March 2005 saw the closure of the general stores and newsagent that had served the village for many years under the management of Mr Derek Nutt and before him Mr Kitchin. One of the main factors behind the shop’s closure was the uncertainty over the lease and the future of the site, whose new owners had obtained planning permission to demolish the existing structure and build a block of flats.
Demolition work began in July 2005. However, planning permission was conditional upon maintaining a shop premises and so the new development by Cranborne Homes duly contained a retail unit on the ground floor, which was put up for sale on its completion in spring 2006.
Efforts by the Parish Council to find a business or chain willing to take on the retail unit were unsuccessful and, in May 2006, the council circulated a questionnaire to all residents seeking their views into the possibility of operating a community shop in the village. The findings were presented at a public meeting in June 2006 which saw the setting up of the Radley Village Shop Working Group under the auspices of the Parish Council to look at proposals to establish a new community shop in Radley – either in the new retail unit or elsewhere. In their research, the Working Group received much support and guidance from Jane Barker and others at Oxfordshire Rural Community Council (now Community First Oxfordshire).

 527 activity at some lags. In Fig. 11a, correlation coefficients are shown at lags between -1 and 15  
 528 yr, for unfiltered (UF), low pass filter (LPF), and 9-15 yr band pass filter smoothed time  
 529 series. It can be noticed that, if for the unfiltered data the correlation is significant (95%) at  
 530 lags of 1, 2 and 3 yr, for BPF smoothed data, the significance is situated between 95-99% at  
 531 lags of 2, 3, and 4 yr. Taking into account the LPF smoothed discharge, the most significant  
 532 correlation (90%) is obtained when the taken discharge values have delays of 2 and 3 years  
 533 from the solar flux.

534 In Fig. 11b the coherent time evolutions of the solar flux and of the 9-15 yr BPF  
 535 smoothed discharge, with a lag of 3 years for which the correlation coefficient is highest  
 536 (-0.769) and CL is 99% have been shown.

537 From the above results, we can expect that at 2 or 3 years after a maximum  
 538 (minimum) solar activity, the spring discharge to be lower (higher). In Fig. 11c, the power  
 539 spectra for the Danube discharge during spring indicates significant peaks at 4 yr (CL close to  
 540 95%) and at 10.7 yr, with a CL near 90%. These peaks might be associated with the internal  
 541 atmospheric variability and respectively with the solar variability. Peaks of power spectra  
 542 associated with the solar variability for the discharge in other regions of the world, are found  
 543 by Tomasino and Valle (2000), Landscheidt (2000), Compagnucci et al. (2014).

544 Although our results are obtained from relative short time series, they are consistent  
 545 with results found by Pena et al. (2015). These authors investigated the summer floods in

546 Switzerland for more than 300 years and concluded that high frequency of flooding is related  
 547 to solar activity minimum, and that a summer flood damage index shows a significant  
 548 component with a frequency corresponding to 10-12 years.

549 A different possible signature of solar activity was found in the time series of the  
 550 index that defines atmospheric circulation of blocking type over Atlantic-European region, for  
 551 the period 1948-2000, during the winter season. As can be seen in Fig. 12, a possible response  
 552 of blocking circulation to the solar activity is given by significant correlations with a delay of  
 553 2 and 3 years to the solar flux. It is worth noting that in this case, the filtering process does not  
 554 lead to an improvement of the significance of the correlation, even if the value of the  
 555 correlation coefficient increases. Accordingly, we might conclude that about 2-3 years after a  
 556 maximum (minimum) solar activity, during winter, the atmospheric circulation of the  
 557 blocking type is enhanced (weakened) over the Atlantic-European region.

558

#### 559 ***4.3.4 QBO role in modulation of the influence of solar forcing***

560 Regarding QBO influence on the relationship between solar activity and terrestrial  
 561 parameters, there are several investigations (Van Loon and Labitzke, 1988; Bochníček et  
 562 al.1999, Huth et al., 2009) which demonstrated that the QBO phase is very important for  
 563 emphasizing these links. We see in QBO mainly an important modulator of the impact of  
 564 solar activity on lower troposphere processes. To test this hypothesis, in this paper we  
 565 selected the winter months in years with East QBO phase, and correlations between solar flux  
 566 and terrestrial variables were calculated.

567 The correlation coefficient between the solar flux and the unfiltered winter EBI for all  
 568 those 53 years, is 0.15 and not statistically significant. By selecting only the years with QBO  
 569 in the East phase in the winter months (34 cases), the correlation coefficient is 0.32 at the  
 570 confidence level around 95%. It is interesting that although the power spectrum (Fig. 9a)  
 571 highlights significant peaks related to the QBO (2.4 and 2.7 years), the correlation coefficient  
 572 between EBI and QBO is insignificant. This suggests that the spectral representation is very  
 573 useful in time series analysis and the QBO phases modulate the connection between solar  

The Working Group reported back to the village on its work through the Radley News and at a second public meeting attended by about 90 villagers in October 2006. Its efforts had included a survey into the level of interest in those willing to:
support the venture by putting in money either as a donation or the purchase of shares
help in some way such as serving in the shop or offering their time in some other way.
The survey also asked people what they would like a community shop to sell. The Working Group explained to those present at the meeting that:
Funding would come from contributions (shares and donations) by Radley people together with grants and loans from organisations such as ORCC and ViRSA.
The share scheme would be for the benefit of the community as a whole and would give members the right to vote on important matters concerning the shop. Any surpluses made by the shop would be used for community-related projects.
The survey produced almost 100 responses, raising commitments of almost £15,000, together with many offers of professional and practical help. Over 100 hours per week of shop assistance was offered, which would mean that all opening hours should be covered by at least one person – and hopefully in busy periods by two – in addition to the paid shop manager.
A village resident who wished to remain anonymous had offered to acquire the freehold of the premises and lease them back to the village rent-free for the first three years (i.e. while the shop gets on its feet).
The commitment to acquire the premises, together with the grants and loans available, meant that the target for the village was to raise £20,000.